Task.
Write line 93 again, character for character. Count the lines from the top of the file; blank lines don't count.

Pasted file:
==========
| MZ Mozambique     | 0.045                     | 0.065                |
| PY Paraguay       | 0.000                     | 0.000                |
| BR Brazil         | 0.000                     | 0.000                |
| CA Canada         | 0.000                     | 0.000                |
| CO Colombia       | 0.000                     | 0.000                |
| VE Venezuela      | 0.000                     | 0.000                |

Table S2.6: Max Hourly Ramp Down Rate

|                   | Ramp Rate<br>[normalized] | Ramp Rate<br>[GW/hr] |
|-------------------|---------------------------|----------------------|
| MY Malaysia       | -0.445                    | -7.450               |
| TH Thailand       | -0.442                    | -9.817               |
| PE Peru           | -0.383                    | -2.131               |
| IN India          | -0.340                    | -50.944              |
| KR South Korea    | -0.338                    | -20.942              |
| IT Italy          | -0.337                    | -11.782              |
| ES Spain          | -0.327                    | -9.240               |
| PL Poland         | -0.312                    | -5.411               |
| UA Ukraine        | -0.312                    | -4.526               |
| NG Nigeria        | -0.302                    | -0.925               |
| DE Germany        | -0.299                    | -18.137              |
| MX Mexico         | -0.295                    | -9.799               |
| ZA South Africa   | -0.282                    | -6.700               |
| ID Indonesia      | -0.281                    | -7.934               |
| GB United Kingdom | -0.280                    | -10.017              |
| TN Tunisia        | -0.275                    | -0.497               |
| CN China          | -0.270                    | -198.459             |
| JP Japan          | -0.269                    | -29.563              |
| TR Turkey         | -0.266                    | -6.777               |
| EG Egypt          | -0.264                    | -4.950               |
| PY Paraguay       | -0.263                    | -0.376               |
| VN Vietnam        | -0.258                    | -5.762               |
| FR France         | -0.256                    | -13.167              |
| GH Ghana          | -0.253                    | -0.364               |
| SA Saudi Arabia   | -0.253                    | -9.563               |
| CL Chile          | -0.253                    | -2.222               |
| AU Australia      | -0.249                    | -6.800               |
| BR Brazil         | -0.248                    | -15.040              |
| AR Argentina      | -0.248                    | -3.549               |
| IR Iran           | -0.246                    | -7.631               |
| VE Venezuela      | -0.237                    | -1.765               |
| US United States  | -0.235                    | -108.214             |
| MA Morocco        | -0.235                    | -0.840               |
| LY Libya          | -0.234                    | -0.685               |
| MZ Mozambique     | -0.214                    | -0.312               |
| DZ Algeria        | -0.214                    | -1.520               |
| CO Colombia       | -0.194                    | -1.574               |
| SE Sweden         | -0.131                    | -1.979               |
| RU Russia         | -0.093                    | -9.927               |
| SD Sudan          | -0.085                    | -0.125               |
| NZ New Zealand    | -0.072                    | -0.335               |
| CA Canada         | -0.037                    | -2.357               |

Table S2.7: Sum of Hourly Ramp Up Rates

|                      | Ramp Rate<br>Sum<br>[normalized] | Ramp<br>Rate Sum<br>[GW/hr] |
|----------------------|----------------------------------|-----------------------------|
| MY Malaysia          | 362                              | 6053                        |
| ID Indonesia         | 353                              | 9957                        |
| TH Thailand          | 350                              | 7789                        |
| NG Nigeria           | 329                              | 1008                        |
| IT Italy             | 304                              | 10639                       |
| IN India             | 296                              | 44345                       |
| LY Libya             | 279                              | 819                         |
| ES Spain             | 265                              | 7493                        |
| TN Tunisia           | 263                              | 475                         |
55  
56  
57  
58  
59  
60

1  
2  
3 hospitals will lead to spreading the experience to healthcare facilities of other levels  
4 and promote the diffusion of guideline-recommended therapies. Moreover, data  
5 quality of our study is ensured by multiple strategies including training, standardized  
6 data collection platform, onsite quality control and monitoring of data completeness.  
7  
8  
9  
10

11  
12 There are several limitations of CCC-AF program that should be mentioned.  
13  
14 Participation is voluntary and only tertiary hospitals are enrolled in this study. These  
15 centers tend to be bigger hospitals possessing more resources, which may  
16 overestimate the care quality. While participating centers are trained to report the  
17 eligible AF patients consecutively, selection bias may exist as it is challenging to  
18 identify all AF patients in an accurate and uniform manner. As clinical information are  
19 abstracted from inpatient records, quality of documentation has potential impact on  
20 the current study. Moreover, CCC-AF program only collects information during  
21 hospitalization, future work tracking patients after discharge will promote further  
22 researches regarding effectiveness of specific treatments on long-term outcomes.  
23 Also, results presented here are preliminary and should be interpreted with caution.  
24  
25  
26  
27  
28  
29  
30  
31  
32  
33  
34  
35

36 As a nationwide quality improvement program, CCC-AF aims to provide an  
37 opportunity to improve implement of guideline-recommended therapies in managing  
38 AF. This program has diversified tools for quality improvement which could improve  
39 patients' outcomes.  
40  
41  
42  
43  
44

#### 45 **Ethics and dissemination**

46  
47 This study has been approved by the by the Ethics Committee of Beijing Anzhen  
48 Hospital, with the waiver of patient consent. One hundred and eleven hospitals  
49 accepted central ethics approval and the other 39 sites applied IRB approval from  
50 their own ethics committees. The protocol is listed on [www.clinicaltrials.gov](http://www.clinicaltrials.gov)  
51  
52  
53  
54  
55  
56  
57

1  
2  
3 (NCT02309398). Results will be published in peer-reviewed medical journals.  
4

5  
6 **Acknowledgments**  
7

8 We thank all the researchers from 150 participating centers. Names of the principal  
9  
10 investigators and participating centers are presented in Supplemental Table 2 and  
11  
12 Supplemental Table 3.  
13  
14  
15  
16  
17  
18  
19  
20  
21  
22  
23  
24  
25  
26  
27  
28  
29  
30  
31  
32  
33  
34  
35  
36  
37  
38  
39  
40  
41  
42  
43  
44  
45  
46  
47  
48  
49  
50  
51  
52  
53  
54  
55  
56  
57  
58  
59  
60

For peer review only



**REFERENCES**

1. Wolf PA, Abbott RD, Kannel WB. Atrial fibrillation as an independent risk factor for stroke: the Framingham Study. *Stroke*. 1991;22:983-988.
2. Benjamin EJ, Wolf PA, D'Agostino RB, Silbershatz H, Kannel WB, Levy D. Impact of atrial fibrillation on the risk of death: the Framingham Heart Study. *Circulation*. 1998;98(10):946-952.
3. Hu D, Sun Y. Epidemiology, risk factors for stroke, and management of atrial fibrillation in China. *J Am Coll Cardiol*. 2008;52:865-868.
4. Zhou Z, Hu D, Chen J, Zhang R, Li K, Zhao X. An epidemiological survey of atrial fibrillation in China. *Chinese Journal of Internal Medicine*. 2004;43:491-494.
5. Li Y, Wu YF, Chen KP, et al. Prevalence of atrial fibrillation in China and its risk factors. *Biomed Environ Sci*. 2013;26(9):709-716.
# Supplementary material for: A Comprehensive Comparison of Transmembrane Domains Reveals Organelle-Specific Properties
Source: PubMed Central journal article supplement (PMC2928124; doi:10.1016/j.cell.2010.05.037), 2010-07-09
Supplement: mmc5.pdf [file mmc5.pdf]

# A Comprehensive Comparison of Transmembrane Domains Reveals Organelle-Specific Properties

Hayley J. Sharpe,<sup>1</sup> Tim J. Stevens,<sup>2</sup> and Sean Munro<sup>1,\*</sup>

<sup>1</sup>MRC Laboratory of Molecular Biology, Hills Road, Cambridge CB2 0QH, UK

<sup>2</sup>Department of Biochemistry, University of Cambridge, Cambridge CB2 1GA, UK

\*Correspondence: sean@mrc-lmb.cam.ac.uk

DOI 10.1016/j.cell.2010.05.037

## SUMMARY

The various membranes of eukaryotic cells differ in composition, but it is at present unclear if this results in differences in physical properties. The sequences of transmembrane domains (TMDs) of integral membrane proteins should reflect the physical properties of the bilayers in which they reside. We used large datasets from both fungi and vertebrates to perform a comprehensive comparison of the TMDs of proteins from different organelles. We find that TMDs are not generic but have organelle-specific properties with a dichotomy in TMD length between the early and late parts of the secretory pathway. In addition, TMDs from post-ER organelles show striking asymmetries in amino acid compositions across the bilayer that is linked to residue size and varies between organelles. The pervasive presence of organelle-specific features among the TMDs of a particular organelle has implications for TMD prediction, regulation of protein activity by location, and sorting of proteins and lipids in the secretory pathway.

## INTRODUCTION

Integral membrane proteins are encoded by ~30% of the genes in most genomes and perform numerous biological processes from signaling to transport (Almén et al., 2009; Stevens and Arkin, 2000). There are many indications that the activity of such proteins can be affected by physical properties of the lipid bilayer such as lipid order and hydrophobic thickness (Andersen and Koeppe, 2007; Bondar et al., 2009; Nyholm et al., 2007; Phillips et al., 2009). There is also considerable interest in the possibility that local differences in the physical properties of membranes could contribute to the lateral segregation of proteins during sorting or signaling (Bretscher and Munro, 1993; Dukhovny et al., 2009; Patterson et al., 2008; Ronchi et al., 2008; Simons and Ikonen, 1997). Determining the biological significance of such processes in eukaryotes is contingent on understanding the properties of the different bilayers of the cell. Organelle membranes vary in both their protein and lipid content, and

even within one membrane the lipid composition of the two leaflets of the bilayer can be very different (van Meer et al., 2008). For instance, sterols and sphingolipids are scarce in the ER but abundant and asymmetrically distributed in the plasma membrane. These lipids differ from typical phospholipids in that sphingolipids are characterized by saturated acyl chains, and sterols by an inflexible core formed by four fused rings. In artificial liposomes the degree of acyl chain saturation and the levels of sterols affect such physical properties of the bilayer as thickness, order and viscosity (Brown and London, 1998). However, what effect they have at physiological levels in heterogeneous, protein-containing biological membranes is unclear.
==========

24  